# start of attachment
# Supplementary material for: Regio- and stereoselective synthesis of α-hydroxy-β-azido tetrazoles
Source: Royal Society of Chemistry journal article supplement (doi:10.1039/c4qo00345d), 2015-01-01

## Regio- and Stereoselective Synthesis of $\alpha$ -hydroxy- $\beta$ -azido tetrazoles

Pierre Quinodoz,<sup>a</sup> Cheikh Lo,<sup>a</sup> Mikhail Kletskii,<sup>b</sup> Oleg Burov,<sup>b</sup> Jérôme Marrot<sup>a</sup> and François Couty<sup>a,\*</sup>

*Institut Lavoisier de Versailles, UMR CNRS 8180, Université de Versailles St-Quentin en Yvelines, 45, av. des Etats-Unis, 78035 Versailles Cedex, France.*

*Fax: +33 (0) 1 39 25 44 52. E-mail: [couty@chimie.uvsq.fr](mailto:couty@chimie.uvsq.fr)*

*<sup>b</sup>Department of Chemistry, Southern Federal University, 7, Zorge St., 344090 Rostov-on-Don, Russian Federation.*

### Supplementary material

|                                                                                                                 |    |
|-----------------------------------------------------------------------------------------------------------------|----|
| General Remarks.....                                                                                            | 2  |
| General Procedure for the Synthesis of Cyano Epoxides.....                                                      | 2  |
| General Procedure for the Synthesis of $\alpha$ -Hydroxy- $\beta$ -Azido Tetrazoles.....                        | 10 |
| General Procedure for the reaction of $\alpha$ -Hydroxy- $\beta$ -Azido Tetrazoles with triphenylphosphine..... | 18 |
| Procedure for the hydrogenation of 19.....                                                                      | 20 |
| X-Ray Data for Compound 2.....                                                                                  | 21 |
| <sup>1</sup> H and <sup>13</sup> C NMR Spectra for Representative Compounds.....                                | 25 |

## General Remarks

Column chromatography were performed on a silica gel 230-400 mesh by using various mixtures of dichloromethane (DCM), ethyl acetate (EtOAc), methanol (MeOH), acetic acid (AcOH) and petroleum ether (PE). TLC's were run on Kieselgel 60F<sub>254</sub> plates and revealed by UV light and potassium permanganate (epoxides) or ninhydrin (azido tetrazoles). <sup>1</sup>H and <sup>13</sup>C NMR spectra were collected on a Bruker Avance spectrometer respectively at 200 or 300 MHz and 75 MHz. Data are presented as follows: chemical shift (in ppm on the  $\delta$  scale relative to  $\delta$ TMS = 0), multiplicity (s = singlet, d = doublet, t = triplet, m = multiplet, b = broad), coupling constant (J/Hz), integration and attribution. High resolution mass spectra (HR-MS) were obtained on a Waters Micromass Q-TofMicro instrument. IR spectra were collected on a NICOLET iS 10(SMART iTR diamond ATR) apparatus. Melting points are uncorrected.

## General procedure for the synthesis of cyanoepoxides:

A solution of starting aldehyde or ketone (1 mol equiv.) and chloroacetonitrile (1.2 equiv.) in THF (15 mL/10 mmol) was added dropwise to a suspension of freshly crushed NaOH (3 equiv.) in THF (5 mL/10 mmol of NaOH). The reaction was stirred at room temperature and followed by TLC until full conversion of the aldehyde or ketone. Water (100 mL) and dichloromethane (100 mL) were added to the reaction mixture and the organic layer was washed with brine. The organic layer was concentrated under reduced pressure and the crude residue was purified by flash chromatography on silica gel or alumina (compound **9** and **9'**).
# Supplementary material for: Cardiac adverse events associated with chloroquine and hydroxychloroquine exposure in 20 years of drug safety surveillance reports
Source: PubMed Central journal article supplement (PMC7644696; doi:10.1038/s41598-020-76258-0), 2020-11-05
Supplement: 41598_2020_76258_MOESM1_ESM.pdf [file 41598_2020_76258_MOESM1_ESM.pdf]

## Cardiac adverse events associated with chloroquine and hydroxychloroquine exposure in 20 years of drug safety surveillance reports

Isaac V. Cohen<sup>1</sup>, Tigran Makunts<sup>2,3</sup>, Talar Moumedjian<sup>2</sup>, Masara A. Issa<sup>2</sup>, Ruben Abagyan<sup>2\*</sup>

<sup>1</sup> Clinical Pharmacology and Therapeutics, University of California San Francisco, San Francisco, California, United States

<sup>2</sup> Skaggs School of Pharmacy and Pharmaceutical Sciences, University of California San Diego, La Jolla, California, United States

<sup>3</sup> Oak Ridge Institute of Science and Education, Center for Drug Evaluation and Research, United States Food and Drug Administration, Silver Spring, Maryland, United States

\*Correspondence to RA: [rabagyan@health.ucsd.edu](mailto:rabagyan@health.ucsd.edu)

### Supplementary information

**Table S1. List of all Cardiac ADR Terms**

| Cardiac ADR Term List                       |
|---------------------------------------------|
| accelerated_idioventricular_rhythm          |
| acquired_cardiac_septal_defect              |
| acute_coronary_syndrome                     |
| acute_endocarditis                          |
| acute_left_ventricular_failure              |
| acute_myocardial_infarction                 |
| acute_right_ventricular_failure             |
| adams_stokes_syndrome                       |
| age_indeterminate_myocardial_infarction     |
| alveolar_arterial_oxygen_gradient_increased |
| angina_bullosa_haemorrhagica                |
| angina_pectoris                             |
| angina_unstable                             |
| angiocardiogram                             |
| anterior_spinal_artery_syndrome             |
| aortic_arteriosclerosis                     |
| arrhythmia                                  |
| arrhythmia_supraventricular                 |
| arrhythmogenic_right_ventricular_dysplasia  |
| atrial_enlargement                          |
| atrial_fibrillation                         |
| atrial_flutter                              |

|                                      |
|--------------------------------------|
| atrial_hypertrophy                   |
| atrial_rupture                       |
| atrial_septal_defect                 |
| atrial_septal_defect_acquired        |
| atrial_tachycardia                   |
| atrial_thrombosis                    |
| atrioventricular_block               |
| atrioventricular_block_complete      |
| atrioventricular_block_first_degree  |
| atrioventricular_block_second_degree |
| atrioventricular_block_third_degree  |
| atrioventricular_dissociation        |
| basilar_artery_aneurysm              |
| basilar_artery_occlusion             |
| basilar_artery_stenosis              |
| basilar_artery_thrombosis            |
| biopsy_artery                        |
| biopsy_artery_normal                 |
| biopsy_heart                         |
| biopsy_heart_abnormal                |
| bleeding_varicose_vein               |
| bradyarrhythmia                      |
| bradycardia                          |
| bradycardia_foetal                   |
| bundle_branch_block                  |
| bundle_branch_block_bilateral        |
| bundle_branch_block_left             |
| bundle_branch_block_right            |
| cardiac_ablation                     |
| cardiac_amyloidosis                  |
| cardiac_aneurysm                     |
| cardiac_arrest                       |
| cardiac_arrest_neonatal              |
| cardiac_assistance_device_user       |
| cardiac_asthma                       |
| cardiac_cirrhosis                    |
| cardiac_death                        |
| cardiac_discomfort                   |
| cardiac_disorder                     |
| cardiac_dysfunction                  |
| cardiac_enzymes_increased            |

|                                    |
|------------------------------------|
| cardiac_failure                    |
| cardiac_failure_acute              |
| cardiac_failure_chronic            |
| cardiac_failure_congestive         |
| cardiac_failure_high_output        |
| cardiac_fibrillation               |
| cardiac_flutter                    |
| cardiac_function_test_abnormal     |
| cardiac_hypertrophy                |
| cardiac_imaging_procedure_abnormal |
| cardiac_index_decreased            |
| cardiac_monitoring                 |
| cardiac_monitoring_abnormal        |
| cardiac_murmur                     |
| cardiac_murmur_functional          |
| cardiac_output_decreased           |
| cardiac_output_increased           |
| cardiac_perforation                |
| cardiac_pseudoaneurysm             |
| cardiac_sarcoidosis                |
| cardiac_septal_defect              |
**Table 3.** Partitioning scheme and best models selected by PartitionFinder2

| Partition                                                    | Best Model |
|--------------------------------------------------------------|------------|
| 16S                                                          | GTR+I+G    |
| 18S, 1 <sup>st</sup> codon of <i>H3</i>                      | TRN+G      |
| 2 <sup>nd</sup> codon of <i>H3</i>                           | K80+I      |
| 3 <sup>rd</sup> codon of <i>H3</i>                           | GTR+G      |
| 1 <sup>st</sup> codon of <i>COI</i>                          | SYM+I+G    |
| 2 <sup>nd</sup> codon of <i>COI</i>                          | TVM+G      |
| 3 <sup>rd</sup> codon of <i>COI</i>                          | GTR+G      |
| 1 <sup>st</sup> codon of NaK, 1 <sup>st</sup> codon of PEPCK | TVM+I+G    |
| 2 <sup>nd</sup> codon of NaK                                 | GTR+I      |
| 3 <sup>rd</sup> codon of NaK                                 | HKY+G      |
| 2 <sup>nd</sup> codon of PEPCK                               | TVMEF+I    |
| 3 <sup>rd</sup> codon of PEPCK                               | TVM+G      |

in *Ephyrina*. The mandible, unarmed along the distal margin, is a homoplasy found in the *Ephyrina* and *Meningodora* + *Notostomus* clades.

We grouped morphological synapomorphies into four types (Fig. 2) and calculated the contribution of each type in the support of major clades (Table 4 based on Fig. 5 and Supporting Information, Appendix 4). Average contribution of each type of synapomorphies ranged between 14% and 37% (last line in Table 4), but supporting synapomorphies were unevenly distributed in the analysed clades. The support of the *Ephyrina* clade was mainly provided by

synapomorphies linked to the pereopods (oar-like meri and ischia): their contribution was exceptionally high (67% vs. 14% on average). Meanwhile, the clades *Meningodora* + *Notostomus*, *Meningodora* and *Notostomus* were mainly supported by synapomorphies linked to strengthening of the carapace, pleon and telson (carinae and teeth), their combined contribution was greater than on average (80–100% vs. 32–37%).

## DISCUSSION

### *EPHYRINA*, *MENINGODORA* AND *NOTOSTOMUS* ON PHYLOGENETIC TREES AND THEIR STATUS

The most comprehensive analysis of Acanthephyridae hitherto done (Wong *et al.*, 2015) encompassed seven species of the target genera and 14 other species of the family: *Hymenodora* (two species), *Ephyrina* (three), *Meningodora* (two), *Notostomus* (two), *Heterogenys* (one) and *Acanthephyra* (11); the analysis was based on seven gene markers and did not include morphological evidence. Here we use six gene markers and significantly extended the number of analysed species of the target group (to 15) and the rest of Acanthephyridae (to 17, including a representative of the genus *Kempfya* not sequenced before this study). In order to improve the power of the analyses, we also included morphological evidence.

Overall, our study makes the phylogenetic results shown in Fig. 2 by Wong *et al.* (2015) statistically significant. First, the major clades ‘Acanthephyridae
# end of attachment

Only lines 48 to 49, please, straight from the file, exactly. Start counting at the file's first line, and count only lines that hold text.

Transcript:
| angiocardiogram                             |
| anterior_spinal_artery_syndrome             |